If the arbitration agreement and any relevant rules are silent on the matter, how many arbitrators will be appointed and how will they be appointed? Are there restrictions on the right to challenge the appointment of an arbitrator?

Unless otherwise provided in the arbitration agreement, the number of arbitrators shall be three (section 603 (2) ZPO). Each party shall appoint one arbitrator. The two arbitrators so appointed shall appoint a third arbitrator, acting as chairman of the arbitral tribunal. If a party fails to appoint an arbitrator within four weeks of receipt of a written request to do so from the other party or if the parties do not receive notification by the arbitrators regarding the arbitrator to be appointed by them within four weeks of their appointment, the arbitrator shall, upon request by either party, be appointed by the court.

The appointment of an arbitrator can be challenged only if circumstances exist that give rise to justifiable doubts as to his or her impartiality or independence, or if he or she does not possess the qualifications agreed upon by the parties (section 605 (2) ZPO).

Arbitrator options

What are the options when choosing an arbitrator or arbitrators?

With the exception that full-time judges of the Liechtenstein courts may not become arbitrators during their tenure of office, the parties may freely determine the composition of the arbitral tribunal and the appointment of its members. This means that the parties are free to agree on the number of arbitrators and to define the procedure for appointing the arbitrators. If the parties have, however, agreed on an even number of arbitrators, then these have to appoint a further person as chairman.

A person being approached in connection with a possible appointment as arbitrator must disclose any circumstances that may likely give rise to doubts as to his or her impartiality or independence, or are in conflict with the agreement of the parties. After being appointed and throughout the arbitral proceedings, an arbitrator has to disclose any such circumstances to the parties without delay, unless they have already been informed of them and consented to the continuation of his or her mandate as arbitrator.

When choosing an arbitrator, parties should select a candidate with the requisite legal and professional expertise that mirrors the nature of the specific dispute who shall also have sufficient management skills to deal with people and handle the process. In Liechtenstein practice, there is a tendency to choose lawyers as arbitrators. A formal legal education is, however, not required in order to be eligible as arbitrator. A large number of Liechtenstein lawyers are members of the Liechtenstein Arbitration Association (, which provides a large pool of candidates who are able to meet the needs of complex arbitration.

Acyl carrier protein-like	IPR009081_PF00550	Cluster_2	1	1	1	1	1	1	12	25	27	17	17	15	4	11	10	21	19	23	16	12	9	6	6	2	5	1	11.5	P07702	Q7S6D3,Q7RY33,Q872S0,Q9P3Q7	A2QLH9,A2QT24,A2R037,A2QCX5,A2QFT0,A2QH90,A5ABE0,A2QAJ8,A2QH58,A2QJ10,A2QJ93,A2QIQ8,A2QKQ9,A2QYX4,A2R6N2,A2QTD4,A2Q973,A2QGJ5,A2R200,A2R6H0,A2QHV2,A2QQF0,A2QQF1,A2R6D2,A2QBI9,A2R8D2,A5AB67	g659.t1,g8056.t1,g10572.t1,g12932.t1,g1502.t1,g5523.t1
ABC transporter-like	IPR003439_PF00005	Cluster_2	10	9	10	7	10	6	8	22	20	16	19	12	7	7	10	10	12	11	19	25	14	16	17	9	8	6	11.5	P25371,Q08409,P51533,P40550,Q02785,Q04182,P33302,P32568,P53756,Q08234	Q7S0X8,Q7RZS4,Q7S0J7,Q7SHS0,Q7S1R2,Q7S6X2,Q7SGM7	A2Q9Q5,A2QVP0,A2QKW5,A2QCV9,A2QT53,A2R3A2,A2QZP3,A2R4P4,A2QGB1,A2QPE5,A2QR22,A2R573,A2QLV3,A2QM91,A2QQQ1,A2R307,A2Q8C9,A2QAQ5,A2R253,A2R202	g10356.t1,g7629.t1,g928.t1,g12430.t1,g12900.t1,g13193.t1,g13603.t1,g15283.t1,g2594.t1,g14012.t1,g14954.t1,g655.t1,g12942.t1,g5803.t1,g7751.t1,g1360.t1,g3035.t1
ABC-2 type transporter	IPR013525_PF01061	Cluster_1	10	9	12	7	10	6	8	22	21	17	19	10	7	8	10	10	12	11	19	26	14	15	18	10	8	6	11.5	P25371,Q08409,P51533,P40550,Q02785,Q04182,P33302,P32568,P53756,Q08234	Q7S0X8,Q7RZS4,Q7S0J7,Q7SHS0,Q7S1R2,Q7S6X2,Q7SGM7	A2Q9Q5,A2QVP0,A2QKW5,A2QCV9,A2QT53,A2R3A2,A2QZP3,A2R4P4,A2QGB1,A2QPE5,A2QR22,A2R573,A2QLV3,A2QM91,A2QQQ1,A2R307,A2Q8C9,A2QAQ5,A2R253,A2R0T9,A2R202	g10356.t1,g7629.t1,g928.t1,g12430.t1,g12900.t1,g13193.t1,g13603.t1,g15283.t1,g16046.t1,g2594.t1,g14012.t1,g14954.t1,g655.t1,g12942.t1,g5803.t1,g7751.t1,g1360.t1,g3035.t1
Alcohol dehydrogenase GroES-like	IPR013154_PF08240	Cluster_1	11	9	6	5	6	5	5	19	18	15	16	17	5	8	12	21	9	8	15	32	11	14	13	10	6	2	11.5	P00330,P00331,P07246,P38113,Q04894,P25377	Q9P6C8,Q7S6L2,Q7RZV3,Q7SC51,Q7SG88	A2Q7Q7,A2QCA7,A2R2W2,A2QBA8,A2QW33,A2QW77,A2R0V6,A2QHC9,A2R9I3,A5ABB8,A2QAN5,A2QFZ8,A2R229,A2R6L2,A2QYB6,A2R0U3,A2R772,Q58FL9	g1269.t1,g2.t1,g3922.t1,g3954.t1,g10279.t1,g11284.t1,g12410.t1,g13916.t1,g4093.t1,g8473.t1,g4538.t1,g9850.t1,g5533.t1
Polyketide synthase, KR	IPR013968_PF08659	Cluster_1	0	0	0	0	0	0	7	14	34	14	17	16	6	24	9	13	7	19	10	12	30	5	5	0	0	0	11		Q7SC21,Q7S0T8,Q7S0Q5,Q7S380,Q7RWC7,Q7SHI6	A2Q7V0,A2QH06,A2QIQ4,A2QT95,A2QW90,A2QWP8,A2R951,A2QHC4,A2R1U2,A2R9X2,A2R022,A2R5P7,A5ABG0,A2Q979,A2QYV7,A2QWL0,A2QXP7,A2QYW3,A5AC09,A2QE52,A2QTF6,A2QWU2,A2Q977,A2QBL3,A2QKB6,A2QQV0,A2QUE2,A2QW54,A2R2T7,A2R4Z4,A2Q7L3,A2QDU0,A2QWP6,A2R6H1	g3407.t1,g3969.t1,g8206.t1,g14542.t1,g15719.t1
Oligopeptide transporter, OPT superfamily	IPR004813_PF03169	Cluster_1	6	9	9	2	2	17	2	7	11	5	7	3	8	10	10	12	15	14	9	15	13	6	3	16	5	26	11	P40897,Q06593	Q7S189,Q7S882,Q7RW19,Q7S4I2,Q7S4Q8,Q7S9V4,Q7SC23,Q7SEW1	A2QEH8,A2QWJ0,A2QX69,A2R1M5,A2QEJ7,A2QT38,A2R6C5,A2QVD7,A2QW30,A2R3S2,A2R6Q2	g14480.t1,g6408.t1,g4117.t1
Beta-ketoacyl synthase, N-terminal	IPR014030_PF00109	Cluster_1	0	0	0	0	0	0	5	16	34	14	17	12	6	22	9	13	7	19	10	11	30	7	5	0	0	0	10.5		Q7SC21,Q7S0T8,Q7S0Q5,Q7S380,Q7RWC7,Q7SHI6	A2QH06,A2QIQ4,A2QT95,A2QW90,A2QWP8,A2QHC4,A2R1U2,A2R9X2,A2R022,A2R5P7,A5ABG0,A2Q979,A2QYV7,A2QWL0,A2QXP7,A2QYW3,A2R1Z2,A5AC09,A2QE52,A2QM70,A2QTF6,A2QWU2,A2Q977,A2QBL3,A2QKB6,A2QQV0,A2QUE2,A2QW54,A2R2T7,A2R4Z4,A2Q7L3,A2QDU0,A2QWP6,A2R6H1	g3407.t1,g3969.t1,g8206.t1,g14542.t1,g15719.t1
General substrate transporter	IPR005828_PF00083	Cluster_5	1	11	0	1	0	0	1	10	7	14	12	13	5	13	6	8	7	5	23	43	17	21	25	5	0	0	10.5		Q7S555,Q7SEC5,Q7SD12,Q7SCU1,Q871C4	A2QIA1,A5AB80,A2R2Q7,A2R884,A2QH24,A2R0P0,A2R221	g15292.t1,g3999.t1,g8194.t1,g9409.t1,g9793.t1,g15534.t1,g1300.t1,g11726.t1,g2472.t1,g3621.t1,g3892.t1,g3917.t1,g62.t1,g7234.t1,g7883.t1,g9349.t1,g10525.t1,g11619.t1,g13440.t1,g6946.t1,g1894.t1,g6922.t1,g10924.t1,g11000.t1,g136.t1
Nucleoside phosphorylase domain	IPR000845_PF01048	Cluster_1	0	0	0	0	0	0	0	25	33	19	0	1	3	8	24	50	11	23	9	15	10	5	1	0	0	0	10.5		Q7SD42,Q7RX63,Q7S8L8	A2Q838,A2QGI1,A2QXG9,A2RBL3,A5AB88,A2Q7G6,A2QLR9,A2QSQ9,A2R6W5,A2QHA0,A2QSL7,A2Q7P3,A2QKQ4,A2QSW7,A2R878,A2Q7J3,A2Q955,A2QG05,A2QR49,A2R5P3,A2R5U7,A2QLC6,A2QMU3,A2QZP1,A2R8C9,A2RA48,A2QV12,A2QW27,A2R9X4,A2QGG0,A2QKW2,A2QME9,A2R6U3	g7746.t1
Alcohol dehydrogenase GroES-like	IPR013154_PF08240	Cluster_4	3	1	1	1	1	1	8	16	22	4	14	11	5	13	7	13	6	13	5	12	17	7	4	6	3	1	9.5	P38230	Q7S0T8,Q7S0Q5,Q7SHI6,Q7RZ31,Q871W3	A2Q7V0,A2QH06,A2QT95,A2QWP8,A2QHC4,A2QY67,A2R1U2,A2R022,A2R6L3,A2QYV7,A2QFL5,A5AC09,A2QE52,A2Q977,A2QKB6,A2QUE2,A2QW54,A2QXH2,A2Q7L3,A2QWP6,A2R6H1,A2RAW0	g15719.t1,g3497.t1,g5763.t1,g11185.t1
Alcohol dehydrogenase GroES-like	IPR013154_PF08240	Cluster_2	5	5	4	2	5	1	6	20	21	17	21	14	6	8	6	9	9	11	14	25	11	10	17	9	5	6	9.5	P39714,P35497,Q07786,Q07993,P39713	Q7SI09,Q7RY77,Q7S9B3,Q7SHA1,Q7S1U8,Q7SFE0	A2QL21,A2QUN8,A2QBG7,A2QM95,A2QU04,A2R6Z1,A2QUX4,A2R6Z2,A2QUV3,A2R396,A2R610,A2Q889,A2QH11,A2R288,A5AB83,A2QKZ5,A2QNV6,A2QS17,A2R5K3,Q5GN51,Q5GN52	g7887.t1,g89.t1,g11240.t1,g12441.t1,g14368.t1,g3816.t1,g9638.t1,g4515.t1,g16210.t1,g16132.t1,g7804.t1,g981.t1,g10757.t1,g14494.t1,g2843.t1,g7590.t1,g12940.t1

Arbitral procedure

Does the domestic law contain substantive requirements for the procedure to be followed?

The arbitral tribunal adjudicates the dispute pursuant to the statutory provisions or rules of law as agreed upon by the parties. Unless the parties have expressly agreed otherwise, any agreement as to the law or the legal system of a given state shall be construed as directly referring to the substantive law of that state and not to its conflict of laws rules. In the absence of a choice of law, the arbitral tribunal will apply the statutory provisions or rules of law it considers appropriate; that is, the provisions that have the closest connection to the dispute.

Subject to the mandatory provisions of section 611 et seq ZPO, the parties are free to agree on the rules of procedure. Section 611 para 2, which provides that the parties are to be treated fairly and that each party shall be granted the right to be heard, is mandatory, for example.

The parties may also refer to other rules of procedure. Failing such agreement, the arbitral tribunal, subject to the provisions of the applicable law, must conduct the arbitration in such manner as it considers appropriate.

Court intervention

On what grounds can the court intervene during an arbitration?

The court may only intervene in arbitral proceedings if this is so provided in section 594 et seq ZPO. This provides, inter alia, that the court is competent to decide if one of the parties:

  • files a suit to set the arbitration award aside;
  • files a request to enforce provisional measures ordered by the arbitral tribunal;
  • files a request for appointment, recusal or early dismissal of an arbitrator; or
  • files a request for interim measures.

These powers of the court can not be overridden by agreement.

If a court is approached with an action that is subject to an arbitration agreement, it must reject such claim, provided the defendant does not submit a pleading in the matter or does not orally plead before the court without making a notification of objection in this respect. However, this does not apply if the court establishes that the arbitration agreement does not exist or is incapable of being performed. In this case, the court may continue its proceedings. Nevertheless, even while such proceedings are pending, arbitral proceedings may be commenced or continued and an award rendered.